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Butcher Henry Hanson swims from West Seattle to Seattle on April 12, 1914. Essay 2254 : Printer-Friendly Format

On April 12, 1914, Seattle butcher Henry Hanson, a 22-year-old German immigrant, swims from West Seattle across Elliott Bay to Seattle in one hour, 35 minutes, a feat that had killed a world champion six weeks before. Hanson departed the Schwager-Nettleton Mill Co. accompanied by a launch and two skiffs and he used both the breast stroke and crawl to reach the Spring Street float. "Lips blue with cold and body white with exposure" (Seattle Post-Intelligencer), his first words on leaving the water were, "Where are my clothes?" The event was not sanctioned or sponsored by any organization.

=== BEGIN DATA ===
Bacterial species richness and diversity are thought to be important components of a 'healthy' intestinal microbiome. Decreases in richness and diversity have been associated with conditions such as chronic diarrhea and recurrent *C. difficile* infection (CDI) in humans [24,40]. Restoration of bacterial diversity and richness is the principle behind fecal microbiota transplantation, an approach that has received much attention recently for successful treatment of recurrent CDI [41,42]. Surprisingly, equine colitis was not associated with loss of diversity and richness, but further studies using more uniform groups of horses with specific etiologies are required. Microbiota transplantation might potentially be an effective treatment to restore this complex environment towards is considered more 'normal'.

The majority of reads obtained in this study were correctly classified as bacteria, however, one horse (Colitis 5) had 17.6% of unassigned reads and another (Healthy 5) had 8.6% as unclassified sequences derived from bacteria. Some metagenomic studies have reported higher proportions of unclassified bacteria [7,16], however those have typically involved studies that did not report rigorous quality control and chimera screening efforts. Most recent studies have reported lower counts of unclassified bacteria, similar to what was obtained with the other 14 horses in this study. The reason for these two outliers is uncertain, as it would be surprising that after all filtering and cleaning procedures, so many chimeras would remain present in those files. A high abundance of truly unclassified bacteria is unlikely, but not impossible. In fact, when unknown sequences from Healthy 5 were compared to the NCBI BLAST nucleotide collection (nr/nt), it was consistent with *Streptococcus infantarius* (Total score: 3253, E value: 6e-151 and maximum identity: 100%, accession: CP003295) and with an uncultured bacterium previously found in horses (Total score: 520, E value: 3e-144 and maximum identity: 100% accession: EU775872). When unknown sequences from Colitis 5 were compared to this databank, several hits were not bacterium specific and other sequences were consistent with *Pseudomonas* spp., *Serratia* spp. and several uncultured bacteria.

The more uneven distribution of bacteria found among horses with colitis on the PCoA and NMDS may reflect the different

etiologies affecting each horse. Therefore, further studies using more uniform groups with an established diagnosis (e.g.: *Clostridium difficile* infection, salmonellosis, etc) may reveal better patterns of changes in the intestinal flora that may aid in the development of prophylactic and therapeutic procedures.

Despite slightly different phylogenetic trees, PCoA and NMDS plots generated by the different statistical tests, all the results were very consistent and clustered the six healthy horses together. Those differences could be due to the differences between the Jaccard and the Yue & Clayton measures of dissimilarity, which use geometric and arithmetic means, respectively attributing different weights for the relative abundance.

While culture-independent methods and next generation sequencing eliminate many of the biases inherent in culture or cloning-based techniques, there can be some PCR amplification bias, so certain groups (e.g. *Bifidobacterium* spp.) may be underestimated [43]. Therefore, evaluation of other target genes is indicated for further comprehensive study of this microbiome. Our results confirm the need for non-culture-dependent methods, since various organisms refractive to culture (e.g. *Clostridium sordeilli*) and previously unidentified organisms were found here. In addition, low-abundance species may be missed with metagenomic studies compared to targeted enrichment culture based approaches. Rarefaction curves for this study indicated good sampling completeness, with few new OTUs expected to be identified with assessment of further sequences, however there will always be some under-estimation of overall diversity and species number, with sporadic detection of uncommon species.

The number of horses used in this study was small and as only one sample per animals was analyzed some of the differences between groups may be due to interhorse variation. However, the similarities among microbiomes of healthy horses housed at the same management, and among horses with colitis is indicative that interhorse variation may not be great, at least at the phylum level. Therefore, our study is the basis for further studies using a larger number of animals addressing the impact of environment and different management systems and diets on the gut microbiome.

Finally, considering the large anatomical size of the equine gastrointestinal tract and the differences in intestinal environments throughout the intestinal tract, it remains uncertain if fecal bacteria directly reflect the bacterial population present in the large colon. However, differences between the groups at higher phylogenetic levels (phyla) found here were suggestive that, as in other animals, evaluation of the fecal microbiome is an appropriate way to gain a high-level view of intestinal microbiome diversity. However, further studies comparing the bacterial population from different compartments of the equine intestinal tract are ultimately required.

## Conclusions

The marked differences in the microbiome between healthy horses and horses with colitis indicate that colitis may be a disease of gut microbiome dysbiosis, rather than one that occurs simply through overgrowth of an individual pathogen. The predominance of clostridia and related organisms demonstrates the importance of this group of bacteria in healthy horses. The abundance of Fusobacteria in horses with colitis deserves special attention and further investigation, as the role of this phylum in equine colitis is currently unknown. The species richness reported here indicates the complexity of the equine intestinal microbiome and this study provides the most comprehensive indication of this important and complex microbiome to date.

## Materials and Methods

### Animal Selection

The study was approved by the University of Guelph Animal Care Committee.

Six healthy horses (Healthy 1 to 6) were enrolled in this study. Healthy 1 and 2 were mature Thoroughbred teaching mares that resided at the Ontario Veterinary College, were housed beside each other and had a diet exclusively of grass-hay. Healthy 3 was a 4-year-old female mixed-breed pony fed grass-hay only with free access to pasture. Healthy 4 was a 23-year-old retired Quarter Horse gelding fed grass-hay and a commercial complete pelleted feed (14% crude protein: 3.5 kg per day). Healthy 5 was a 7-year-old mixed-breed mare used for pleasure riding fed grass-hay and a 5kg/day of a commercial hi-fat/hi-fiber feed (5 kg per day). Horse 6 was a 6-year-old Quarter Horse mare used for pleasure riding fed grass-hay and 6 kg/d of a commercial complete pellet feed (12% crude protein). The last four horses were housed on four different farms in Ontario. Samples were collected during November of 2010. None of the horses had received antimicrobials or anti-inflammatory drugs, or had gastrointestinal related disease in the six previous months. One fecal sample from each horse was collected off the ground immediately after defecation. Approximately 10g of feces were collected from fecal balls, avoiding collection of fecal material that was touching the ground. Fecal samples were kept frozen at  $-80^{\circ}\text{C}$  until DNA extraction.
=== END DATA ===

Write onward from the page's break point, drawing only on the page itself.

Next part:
On March 1, 1914, 34 year-old Arthur R. "Tums" Cavill, one-time world champion for distance swimming and inventor of the Australian Crawl swimming stroke, tried the same two-and-one-half mile course, but was pulled from the water unconscious just 500 feet from the Seattle shore. He died 40 minutes later, apparently of exposure, saying only, "It was too cold. It was too cold." In 1907, Cavill had been the first to swim the Golden Gate in San Francisco. He worked as a swimming instructor in Portland, Oregon, and attempted the Elliott Bay swim after being challenged by a swimmer from Tacoma.

Hanson immigrated to Canada in 1912 from Schleswig-Holstein in Germany and he swam competitively in Victoria, British Columbia. While serving in the German army, he earned three medals for swimming.

Seattle Post-Intelligencer, March 1, 1914, p. 1; Ibid., March 2, 1914, p. 1-2; Ibid., April 13, 1914, p. 1, 14.

Travel through time (chronological order):
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